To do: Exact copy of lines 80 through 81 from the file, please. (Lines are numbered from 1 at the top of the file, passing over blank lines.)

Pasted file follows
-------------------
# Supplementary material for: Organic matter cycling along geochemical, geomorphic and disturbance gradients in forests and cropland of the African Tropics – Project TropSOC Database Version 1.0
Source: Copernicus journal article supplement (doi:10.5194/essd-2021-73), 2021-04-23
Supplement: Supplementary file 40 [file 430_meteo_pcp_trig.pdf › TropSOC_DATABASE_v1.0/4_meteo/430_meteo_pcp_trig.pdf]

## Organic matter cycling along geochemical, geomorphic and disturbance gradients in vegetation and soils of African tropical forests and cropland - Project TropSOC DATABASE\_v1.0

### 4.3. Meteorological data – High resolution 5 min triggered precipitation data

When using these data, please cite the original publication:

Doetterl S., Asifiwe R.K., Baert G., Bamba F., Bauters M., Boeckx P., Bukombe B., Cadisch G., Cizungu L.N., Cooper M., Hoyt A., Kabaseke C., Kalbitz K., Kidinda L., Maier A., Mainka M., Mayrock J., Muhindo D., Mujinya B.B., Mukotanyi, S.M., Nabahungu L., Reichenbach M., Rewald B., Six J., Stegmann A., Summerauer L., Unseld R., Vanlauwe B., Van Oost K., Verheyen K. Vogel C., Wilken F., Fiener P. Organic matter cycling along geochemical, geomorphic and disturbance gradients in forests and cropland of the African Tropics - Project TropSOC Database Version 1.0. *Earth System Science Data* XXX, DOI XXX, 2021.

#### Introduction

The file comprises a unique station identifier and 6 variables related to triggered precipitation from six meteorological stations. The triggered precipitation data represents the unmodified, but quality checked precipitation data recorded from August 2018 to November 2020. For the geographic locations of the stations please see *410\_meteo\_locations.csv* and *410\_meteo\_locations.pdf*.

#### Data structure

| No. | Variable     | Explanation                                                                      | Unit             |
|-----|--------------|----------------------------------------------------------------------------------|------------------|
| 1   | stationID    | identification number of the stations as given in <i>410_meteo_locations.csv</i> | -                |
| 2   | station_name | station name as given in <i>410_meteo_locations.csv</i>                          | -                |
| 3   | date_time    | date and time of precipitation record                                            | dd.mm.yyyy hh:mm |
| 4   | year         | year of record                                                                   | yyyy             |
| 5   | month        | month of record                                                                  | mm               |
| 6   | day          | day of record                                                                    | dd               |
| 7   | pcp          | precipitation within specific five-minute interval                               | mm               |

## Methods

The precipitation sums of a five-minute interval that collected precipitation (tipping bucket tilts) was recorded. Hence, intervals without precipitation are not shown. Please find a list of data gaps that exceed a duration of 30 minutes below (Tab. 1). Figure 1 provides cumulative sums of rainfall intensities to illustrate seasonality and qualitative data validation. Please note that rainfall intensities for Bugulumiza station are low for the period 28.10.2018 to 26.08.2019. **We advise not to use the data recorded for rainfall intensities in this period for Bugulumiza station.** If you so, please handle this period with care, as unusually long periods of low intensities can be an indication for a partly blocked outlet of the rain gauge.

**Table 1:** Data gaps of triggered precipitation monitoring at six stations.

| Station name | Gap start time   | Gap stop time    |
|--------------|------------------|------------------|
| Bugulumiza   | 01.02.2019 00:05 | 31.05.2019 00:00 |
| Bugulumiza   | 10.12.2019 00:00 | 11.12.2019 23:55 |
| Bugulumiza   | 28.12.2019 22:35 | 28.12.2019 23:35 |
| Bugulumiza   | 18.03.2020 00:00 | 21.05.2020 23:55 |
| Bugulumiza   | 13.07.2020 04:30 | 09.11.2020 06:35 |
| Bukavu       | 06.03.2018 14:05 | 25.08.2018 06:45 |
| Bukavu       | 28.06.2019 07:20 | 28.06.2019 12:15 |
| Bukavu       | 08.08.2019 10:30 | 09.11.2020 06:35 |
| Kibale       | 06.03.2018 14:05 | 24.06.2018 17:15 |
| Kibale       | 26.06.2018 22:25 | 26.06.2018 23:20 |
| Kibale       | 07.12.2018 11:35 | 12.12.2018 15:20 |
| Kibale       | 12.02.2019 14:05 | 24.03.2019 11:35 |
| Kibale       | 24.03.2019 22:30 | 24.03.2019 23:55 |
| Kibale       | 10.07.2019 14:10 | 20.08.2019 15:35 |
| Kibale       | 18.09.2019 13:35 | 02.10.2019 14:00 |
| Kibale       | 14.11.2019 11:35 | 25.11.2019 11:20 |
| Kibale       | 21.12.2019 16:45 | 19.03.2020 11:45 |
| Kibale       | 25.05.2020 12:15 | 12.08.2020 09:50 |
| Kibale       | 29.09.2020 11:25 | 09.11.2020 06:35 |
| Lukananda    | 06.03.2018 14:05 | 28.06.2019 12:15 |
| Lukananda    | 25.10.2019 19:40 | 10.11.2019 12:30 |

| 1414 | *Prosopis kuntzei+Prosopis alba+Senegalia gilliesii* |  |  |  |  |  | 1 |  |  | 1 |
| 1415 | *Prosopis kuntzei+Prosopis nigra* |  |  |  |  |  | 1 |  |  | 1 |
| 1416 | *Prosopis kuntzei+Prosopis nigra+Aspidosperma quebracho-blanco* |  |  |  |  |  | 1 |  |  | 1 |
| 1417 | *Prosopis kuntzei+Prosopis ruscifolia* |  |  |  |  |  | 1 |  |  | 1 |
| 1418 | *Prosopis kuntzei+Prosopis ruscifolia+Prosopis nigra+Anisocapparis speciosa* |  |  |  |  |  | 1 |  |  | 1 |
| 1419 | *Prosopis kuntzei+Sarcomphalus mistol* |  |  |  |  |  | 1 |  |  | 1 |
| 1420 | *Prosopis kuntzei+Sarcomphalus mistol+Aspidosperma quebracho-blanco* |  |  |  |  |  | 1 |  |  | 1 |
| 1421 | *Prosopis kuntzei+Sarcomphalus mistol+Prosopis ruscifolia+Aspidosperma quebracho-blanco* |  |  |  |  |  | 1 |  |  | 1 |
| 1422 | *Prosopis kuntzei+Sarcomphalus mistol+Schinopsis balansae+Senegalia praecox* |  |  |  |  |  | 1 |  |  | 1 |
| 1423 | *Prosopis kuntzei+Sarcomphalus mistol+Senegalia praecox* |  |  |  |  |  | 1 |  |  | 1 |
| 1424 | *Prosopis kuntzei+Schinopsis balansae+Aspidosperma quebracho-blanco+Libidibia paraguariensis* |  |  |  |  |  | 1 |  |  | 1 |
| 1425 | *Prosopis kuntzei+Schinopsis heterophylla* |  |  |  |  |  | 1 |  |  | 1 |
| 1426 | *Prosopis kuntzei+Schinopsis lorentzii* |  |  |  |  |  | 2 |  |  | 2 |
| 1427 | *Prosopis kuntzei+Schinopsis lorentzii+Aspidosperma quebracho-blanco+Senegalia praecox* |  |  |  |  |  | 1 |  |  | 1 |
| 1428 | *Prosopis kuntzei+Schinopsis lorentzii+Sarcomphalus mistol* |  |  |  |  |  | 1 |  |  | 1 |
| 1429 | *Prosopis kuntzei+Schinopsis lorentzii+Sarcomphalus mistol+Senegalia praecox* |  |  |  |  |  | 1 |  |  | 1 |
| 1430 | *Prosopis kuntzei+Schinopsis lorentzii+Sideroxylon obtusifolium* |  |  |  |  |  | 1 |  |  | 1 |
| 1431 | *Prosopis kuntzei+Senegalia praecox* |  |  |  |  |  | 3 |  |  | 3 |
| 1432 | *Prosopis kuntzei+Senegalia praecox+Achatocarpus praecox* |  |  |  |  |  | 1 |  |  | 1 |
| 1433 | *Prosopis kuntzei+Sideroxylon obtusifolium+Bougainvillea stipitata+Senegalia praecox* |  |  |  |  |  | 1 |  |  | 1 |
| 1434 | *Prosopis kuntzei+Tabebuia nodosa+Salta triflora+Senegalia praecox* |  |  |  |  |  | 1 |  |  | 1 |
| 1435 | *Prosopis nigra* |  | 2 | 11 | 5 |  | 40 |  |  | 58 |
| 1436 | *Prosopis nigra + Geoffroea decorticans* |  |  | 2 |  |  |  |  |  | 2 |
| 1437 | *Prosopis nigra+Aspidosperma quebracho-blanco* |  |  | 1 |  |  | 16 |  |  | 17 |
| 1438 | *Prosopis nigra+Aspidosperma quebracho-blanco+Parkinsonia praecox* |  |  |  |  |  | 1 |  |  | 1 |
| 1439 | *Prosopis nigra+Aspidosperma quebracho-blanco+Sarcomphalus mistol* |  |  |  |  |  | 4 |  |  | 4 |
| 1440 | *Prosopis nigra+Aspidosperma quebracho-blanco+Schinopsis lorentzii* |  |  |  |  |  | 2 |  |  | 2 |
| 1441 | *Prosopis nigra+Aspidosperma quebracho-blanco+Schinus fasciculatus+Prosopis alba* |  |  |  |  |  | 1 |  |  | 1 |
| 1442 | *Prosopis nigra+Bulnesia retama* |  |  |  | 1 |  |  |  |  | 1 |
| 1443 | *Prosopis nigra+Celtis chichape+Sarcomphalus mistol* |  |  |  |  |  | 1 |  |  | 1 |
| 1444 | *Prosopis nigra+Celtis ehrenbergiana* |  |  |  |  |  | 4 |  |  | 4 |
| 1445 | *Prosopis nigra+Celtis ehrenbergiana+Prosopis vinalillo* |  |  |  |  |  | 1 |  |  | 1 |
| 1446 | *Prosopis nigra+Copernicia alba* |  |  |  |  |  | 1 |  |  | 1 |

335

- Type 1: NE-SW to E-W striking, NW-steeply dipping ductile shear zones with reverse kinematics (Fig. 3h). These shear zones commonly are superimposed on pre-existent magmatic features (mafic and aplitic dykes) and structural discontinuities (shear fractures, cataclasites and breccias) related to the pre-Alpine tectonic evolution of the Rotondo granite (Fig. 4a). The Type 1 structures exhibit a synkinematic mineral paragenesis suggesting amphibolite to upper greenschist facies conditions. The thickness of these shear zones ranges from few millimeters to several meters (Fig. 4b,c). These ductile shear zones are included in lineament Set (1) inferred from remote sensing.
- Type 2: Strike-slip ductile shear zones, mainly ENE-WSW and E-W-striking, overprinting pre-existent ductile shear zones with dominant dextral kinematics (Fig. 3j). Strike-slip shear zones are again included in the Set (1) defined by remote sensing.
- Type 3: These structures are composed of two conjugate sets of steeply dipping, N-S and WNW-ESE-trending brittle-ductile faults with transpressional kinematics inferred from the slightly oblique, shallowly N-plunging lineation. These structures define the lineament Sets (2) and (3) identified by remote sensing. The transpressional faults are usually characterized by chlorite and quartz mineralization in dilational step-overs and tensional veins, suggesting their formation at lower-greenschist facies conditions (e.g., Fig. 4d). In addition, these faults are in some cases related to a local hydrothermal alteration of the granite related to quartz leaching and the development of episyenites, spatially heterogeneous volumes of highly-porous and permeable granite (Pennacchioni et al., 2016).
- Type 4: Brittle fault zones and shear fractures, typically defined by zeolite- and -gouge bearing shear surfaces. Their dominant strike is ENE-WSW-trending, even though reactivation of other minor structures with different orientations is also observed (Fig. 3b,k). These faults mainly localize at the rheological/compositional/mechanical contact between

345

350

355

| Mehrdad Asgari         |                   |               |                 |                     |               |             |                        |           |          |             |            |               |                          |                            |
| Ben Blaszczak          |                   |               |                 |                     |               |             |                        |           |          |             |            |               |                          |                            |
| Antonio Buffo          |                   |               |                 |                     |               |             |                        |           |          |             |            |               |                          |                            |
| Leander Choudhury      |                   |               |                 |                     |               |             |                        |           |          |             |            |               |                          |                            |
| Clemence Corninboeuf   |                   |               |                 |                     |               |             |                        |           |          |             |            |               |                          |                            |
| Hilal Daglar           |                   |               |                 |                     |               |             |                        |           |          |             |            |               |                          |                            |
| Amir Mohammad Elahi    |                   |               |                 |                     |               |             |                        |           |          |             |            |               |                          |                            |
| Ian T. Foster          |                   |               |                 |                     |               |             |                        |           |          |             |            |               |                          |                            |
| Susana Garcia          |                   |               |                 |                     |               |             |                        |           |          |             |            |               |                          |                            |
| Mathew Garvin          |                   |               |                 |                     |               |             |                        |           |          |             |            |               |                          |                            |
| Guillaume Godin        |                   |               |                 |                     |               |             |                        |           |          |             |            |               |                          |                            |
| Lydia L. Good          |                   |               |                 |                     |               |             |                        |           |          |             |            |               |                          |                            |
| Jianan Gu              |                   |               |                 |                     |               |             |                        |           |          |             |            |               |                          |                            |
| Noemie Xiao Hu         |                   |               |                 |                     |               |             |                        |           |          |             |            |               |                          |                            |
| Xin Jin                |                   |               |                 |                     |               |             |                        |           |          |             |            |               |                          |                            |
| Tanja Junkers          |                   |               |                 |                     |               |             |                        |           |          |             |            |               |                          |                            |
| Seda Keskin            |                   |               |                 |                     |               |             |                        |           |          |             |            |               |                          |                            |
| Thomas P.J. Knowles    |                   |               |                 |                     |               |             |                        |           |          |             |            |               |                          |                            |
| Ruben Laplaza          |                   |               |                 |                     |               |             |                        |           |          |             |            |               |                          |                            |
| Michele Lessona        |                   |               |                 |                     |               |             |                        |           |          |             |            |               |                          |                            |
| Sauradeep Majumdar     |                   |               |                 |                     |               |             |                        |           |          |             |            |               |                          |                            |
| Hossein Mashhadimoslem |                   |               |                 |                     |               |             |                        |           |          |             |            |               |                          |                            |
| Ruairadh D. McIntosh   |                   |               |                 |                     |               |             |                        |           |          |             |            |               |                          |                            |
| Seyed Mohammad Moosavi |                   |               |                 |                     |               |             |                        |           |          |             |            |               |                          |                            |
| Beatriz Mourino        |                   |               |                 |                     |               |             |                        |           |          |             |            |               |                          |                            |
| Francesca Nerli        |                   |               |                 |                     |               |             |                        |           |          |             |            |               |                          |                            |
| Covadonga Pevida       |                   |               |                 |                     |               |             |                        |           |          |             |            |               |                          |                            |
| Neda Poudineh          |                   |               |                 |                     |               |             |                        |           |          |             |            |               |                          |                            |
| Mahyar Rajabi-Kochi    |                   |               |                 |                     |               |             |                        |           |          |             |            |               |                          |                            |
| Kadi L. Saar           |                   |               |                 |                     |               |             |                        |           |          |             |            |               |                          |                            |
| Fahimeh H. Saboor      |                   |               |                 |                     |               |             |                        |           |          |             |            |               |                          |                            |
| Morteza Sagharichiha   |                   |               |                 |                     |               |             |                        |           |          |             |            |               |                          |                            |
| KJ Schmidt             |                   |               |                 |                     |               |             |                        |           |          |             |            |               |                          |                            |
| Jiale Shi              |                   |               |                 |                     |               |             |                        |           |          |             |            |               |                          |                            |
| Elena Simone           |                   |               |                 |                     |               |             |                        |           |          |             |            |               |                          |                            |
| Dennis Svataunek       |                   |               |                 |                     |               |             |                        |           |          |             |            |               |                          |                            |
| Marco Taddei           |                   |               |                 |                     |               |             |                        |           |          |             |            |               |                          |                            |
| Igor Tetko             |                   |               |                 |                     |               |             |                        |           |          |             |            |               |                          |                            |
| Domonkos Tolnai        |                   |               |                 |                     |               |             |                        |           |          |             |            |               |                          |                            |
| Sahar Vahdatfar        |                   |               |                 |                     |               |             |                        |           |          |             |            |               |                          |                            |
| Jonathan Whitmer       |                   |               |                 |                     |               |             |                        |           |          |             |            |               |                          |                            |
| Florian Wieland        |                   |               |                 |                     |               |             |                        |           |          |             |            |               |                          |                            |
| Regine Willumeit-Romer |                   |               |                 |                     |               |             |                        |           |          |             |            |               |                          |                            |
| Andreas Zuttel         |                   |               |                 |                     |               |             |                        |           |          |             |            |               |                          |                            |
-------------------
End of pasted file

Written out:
- Type 1: NE-SW to E-W striking, NW-steeply dipping ductile shear zones with reverse kinematics (Fig. 3h). These shear zones commonly are superimposed on pre-existent magmatic features (mafic and aplitic dykes) and structural discontinuities (shear fractures, cataclasites and breccias) related to the pre-Alpine tectonic evolution of the Rotondo granite (Fig. 4a). The Type 1 structures exhibit a synkinematic mineral paragenesis suggesting amphibolite to upper greenschist facies conditions. The thickness of these shear zones ranges from few millimeters to several meters (Fig. 4b,c). These ductile shear zones are included in lineament Set (1) inferred from remote sensing.
- Type 2: Strike-slip ductile shear zones, mainly ENE-WSW and E-W-striking, overprinting pre-existent ductile shear zones with dominant dextral kinematics (Fig. 3j). Strike-slip shear zones are again included in the Set (1) defined by remote sensing.